It started as a routine class project.
Tom Hallock, an assistant English professor at the University of South Florida St. Petersburg, had his grad students explore the rivers of Florida. They had so much fun that the following spring Hallock assigned them to focus on the rivers of the Green Swamp: the Hillsborough, Withlacoochee, Peace and Ocklawaha.
Hallock then combined the best student essays with contributions from professional writers and academics, including St. Petersburg Times outdoors writer Terry Tomalin, history professor Gary Mormino and nonfiction writer Bill Belleville, author of River of Lakes: Journey through Florida's St. Johns River.
The result is a 120-page anthology of essays, Rivers of the Green Swamp, which paints a hopeful picture of the four rivers and serves as an invitation for the rest of us to explore these vital waterways.
"It's not the doom and gloom story. That surprised me," Hallock said. "It's not yet time to write the epitaph on Florida's tombstone."
Each waterway has its own unique personality: the Withlacoochee, which begins near Pasco, is incredibly wild as it winds north.
"You never feel like you're crossing the same river twice," Hallock said. The Hillsborough has a "Dr. Jekyll and Mr. Hyde" personality. It flows from a natural setting before becoming an urban river in Tampa. The Peace is beautiful but flows through an economically depressed area and is vulnerable to a particular industrial waste. The 110-mile Ocklawaha travels north from Central Florida to meet the wide St. Johns.
It might stand to reason that the best way to protect these gems would be to keep people off them. Hallock drew the opposite conclusion, as did his students. Get people to connect with the rivers and they will appreciate what makes Florida so special.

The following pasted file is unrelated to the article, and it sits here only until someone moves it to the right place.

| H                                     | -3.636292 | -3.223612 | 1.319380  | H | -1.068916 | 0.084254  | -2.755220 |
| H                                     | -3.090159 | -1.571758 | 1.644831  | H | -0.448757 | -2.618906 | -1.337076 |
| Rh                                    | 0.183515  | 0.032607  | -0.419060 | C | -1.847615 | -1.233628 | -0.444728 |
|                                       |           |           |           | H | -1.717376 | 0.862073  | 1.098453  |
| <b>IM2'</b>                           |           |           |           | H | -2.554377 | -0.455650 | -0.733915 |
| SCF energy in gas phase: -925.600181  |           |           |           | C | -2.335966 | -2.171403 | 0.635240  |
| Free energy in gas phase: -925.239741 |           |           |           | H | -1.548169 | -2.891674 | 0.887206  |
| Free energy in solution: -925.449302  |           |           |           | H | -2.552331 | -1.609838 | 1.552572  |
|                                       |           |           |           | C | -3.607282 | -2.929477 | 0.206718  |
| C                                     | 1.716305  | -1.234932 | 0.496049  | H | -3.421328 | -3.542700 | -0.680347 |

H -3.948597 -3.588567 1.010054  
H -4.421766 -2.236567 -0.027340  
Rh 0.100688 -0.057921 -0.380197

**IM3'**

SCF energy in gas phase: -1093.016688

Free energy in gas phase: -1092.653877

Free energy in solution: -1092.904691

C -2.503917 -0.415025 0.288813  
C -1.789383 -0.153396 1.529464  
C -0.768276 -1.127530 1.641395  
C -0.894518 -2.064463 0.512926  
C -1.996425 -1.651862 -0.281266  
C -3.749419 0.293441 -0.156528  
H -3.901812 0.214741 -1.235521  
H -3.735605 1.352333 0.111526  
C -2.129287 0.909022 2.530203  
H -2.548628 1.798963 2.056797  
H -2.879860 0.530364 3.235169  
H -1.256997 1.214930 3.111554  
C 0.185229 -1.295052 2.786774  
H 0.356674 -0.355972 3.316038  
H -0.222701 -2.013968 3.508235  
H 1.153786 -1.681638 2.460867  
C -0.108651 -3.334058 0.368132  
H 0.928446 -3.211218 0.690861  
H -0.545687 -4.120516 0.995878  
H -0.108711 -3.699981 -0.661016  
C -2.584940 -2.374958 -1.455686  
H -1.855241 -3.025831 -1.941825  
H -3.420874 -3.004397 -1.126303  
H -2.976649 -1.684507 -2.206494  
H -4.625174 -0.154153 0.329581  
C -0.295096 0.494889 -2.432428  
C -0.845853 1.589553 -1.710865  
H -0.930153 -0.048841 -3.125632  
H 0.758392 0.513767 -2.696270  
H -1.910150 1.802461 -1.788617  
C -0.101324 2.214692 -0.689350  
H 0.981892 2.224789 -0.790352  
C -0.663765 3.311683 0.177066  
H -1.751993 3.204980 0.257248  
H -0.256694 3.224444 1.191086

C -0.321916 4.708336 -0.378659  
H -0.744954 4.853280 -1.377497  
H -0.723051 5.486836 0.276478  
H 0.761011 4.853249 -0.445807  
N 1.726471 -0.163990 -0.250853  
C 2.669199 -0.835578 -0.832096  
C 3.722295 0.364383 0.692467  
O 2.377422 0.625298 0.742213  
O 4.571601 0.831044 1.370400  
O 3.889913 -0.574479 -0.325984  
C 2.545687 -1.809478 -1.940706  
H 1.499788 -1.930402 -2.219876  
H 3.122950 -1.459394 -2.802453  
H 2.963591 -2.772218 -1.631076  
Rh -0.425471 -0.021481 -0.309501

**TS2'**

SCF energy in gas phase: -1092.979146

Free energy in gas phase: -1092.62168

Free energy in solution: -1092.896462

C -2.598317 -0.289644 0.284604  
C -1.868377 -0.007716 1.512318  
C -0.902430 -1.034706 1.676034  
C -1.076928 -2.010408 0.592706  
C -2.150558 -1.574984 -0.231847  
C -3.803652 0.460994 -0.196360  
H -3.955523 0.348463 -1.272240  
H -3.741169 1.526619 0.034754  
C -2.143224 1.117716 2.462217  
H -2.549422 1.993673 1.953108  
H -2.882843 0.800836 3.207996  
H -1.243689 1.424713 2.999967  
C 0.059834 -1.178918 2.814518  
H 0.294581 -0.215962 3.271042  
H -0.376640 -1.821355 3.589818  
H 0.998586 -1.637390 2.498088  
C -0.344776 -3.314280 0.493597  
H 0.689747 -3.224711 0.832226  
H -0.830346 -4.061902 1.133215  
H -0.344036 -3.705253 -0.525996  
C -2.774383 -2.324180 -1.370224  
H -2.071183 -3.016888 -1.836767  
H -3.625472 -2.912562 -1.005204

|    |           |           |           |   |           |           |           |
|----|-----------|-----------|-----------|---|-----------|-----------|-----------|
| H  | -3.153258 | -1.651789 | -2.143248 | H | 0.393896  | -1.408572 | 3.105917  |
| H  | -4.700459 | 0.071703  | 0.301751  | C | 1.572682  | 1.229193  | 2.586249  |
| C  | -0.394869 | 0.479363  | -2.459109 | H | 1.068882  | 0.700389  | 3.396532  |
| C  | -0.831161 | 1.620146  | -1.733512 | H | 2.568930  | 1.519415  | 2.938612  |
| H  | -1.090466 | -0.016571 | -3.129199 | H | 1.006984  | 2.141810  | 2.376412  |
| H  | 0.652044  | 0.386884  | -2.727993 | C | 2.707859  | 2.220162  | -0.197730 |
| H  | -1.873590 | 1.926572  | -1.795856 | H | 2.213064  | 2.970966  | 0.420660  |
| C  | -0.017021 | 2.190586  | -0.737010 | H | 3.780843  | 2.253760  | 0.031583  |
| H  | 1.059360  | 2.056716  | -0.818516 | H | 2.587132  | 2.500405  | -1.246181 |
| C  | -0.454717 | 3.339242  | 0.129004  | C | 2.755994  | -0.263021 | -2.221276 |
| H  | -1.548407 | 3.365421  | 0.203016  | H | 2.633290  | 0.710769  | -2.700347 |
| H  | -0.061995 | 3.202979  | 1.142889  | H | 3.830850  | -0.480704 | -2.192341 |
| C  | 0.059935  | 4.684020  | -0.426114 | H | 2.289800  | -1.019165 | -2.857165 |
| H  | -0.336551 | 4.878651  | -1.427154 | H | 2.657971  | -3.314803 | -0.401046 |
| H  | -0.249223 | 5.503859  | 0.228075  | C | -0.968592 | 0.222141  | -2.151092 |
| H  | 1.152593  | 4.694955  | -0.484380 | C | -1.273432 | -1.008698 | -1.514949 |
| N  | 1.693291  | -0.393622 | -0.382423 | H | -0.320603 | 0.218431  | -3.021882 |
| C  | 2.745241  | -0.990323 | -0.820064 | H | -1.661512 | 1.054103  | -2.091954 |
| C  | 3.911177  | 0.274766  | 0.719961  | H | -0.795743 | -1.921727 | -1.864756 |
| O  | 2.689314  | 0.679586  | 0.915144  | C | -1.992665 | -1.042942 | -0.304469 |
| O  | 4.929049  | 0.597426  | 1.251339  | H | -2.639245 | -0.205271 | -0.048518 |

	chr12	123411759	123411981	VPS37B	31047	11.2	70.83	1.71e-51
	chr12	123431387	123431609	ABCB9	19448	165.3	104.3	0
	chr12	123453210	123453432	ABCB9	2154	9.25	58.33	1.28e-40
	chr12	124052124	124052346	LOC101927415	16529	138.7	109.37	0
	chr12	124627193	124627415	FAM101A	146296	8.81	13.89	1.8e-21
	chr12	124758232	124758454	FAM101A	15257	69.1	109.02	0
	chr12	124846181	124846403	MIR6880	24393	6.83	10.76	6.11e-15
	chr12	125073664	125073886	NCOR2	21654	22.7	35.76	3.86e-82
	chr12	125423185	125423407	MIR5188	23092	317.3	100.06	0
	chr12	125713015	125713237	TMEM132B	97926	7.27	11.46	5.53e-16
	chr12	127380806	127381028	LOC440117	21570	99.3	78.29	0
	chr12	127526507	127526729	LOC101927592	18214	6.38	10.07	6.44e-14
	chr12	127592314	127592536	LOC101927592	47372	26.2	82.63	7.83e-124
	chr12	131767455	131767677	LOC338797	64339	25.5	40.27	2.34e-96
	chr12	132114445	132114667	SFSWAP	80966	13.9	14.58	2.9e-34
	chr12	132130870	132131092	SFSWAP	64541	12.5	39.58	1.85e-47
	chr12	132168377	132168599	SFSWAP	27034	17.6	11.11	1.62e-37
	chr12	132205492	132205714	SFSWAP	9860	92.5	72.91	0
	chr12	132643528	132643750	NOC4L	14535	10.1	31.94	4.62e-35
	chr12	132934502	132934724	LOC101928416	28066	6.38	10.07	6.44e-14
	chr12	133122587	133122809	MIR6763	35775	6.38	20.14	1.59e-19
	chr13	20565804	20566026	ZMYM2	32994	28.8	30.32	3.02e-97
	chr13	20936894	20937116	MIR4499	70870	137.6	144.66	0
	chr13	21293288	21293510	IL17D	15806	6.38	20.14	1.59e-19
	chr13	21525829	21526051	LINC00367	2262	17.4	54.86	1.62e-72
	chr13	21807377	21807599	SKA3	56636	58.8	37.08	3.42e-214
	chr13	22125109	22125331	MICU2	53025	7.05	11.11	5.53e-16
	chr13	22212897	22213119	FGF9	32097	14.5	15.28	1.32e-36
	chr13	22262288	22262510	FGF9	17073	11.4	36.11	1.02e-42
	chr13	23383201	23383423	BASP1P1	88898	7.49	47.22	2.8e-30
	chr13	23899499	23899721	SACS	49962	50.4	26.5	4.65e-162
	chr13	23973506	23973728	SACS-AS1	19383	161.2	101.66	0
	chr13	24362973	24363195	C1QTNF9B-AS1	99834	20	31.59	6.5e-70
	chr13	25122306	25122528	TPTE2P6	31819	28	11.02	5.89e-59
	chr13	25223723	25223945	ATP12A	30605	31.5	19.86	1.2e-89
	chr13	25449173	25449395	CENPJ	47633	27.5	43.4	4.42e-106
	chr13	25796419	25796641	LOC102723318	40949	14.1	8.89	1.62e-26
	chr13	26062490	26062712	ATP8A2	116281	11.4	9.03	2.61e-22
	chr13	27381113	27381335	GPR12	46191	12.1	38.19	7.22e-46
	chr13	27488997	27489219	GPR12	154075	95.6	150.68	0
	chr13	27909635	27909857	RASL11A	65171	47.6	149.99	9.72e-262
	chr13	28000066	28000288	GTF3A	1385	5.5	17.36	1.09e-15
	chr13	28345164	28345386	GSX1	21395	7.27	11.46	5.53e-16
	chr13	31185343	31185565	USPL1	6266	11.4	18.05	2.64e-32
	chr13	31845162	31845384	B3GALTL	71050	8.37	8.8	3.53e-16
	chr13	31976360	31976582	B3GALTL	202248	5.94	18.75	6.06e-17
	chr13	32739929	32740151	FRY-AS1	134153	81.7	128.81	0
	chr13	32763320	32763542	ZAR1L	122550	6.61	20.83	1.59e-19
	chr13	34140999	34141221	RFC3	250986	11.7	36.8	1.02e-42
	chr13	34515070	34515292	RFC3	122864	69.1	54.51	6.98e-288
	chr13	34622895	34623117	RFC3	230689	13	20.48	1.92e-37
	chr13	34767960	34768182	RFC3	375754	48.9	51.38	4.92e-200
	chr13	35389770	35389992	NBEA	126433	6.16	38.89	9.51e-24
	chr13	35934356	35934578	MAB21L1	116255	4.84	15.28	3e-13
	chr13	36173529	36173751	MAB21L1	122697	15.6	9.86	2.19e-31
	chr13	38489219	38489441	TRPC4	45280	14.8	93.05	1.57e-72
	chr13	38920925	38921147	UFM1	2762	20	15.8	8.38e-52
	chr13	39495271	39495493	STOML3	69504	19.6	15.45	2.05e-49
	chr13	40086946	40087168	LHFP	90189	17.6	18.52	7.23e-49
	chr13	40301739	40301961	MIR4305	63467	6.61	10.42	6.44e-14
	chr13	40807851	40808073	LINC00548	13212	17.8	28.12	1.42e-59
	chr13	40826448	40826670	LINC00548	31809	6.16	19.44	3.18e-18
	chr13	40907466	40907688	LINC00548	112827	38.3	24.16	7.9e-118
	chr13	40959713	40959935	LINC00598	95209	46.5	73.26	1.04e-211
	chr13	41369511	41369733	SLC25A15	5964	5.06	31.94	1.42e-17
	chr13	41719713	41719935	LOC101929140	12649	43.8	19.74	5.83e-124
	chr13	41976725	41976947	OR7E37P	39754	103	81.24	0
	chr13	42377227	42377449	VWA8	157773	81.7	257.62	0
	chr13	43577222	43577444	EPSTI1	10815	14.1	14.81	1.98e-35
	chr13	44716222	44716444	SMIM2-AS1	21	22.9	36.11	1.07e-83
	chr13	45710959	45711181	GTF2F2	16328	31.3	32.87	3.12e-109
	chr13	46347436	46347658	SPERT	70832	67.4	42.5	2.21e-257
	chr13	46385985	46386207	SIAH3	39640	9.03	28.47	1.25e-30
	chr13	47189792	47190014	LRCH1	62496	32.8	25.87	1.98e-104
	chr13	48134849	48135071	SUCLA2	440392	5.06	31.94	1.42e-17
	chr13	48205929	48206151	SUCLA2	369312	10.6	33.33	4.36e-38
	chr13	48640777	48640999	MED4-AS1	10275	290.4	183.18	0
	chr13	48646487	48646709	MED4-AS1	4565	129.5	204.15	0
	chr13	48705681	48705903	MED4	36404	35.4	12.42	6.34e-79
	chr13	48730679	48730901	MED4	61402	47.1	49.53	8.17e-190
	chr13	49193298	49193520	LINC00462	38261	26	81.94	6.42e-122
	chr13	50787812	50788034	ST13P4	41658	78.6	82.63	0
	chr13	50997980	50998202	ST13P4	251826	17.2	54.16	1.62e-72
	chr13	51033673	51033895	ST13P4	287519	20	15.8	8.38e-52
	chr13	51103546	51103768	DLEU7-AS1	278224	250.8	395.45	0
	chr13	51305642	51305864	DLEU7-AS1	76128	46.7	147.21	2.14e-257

The essays, as you might expect, focused largely on wildlife and water quality, but students also took the opportunity to get to know people whose lives touch the rivers every day.
One student wrote about the "bar fly" tour along the serene, slow-moving Peace River. She and her boyfriend visited a series of rundown bars along the river, which over the years has been degraded by runoff from the phosphate industry.
Another student wrote about how novice canoeists are terrified of alligators when they sail down a Florida river for the first time. "She turned that fear into good prose," Hallock said.
But the overriding tone of the work is a respect and a reverence for what these rivers mean historically and culturally, said Belleville, who contributed an essay about the Ocklawaha, a prime destination for steamships and tourists during the 1880s.
"If we don't have a connection," Belleville said, "we won't fully appreciate the worth of these rivers."
Or be ready and willing to fight for them.
Andrew Skerritt can be reached at firstname.lastname@example.org or (813) 909-4602 or toll-free at 1-800-333-7505, ext. 4602.